Office of the Superintendent of Financial Institutions
OSFI’s Guideline B-8, Deterring and Detecting Money Laundering,
was originally released in 1996 and was revised in 2003 and again
in 2004 to reflect changes to Canadian legislation, notably amendments
to the Proceeds of Crime (Money Laundering) and Terrorist Financing
Act (PCMLTFA), and also to reflect the introduction of OSFI’s
anti-money laundering assessment program.
In December 2006, the PCMLTFA was substantially revised (through
Bill C-25) with the purpose of aligning it more closely to international
anti-money laundering and anti-terrorist financing standards as
articulated by the Financial Action Task Force (FATF), of which
Canada is a founding member. Legislative and regulatory requirements
came into effect on various dates. For federally regulated financial
institutions (FRFIs), the most significant of these were changes
to the PCMLTFA and consequential amendments to the Proceeds
of Crime (Money Laundering) and Terrorist Financing Regulations
(PCMLTFR), which took effect on June 23, 2008.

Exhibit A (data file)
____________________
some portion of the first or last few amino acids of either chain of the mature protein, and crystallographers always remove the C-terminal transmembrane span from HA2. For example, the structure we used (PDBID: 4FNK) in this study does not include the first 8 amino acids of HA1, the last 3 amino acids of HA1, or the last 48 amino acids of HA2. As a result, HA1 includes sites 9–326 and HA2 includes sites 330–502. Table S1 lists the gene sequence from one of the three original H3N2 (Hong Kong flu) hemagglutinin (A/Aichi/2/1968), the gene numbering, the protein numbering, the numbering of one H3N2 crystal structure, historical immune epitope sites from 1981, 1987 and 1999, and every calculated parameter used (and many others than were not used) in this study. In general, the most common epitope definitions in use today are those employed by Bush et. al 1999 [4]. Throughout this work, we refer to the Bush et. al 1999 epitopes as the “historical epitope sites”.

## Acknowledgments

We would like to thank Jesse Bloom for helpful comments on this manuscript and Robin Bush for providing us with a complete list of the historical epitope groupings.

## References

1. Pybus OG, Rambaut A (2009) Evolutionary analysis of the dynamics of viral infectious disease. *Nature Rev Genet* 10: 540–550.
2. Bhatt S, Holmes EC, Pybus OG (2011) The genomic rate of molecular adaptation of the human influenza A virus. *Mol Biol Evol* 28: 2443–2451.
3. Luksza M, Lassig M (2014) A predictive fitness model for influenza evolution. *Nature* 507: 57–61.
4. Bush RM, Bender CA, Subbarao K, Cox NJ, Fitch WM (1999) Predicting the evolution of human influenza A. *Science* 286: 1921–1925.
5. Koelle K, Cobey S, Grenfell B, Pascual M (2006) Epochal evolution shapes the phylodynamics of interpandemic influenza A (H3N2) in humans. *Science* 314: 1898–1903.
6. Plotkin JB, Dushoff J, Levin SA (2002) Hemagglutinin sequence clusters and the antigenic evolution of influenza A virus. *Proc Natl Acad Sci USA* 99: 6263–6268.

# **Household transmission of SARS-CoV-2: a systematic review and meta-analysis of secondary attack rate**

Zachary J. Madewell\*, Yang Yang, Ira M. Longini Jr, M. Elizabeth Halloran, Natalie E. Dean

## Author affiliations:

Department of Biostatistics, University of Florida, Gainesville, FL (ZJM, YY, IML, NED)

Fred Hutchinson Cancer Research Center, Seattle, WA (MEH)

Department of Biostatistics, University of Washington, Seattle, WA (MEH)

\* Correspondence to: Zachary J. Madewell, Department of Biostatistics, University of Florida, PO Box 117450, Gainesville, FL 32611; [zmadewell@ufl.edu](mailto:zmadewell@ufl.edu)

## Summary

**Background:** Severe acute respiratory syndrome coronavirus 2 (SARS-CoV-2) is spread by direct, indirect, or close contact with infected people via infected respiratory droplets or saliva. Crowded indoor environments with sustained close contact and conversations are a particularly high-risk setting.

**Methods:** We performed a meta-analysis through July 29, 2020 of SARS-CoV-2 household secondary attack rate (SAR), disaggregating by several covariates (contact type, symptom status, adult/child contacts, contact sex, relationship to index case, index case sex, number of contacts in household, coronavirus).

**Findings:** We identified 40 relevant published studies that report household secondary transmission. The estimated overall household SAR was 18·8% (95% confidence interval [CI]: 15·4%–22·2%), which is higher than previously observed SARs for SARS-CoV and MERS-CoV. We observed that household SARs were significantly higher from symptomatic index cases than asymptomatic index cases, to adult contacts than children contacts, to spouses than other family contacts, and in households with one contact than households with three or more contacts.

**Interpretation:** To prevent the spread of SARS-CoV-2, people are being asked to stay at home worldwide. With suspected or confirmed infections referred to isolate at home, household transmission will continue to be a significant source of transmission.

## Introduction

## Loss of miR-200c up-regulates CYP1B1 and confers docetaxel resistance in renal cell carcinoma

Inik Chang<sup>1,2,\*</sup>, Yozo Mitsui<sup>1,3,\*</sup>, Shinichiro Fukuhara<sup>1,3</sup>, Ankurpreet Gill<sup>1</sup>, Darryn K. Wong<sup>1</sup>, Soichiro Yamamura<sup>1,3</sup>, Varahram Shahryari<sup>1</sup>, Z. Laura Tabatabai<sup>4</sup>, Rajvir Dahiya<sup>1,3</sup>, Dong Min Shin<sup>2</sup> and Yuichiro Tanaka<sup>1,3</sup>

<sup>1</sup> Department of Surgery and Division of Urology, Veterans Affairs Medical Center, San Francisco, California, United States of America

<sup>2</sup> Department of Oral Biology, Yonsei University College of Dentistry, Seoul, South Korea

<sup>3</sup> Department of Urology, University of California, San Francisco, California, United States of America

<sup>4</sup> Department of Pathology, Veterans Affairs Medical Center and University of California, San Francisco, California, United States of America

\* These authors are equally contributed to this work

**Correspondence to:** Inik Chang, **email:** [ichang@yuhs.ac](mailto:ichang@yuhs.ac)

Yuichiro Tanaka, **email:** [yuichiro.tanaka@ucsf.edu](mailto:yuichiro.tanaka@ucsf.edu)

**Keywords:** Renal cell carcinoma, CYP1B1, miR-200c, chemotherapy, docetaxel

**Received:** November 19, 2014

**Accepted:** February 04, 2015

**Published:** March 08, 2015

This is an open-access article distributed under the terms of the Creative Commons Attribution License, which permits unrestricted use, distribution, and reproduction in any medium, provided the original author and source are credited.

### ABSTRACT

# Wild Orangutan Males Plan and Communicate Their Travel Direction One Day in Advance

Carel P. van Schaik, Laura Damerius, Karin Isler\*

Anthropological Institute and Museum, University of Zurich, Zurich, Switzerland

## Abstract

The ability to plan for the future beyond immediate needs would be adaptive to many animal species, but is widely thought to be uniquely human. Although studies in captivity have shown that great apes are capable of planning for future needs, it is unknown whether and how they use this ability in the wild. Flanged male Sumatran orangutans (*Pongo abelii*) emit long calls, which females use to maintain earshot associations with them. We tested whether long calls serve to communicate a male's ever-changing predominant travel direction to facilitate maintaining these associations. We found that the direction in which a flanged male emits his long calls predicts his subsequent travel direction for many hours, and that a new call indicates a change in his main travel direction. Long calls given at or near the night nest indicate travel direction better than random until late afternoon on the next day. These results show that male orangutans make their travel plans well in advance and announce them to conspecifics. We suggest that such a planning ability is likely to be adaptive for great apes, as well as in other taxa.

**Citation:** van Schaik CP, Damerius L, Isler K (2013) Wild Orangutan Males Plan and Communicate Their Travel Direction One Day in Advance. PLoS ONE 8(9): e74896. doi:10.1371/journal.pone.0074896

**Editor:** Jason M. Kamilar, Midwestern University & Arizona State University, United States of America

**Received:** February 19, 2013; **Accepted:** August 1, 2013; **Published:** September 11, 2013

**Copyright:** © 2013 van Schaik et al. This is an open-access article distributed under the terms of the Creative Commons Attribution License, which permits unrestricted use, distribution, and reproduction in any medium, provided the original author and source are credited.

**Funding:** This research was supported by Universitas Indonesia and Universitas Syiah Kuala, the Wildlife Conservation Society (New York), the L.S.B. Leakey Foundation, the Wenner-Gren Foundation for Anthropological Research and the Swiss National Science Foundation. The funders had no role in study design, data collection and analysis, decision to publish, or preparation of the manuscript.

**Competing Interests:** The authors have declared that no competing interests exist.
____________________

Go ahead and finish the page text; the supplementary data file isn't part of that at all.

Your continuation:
Amongst other things, the amended legislation and regulations
require FRFIs (in addition to taking prescribed measures to identify
clients and keep records) to implement an anti-money laundering
and anti-terrorist financing (AML/ATF) compliance program, including
the development and application of policies and procedures to assess,
in the course of their activities, the risk of a money laundering
offence or a terrorist activity financing office; and, if the FRFI
considers that this risk is high, take prescribed special measures
for identifying clients, keeping records, and monitoring financial
transactions in respect of the activities that pose the high risk. A
particularly significant provision is the requirement to apply risk
based measures (termed “reasonable measures” in the PCMLTFA and
PCMLTFR) to areas identified as higher risk.
This Guideline highlights the need for FRFIs (except property
and casualty insurance companies, cooperative credit associations
and fraternal benefit associations) to develop and operate AML/ATF
programs that address the risk of ML and TF as well as ensure regulatory
compliance. The measures introduced by Bill C-25, together with
the requirement to establish AML/ATF programs, will further reduce
the susceptibility of FRFIs to being used by individuals or organizations
to launder funds, thereby reducing their exposure to damage to their
reputation, a key asset in the financial services industry.
In addition to issuing the Guideline, OSFI will continue assessing
the AML/ATF programs operated by FRFIs.
Many of OSFI’s AML/ATF assessment findings to date relate to matters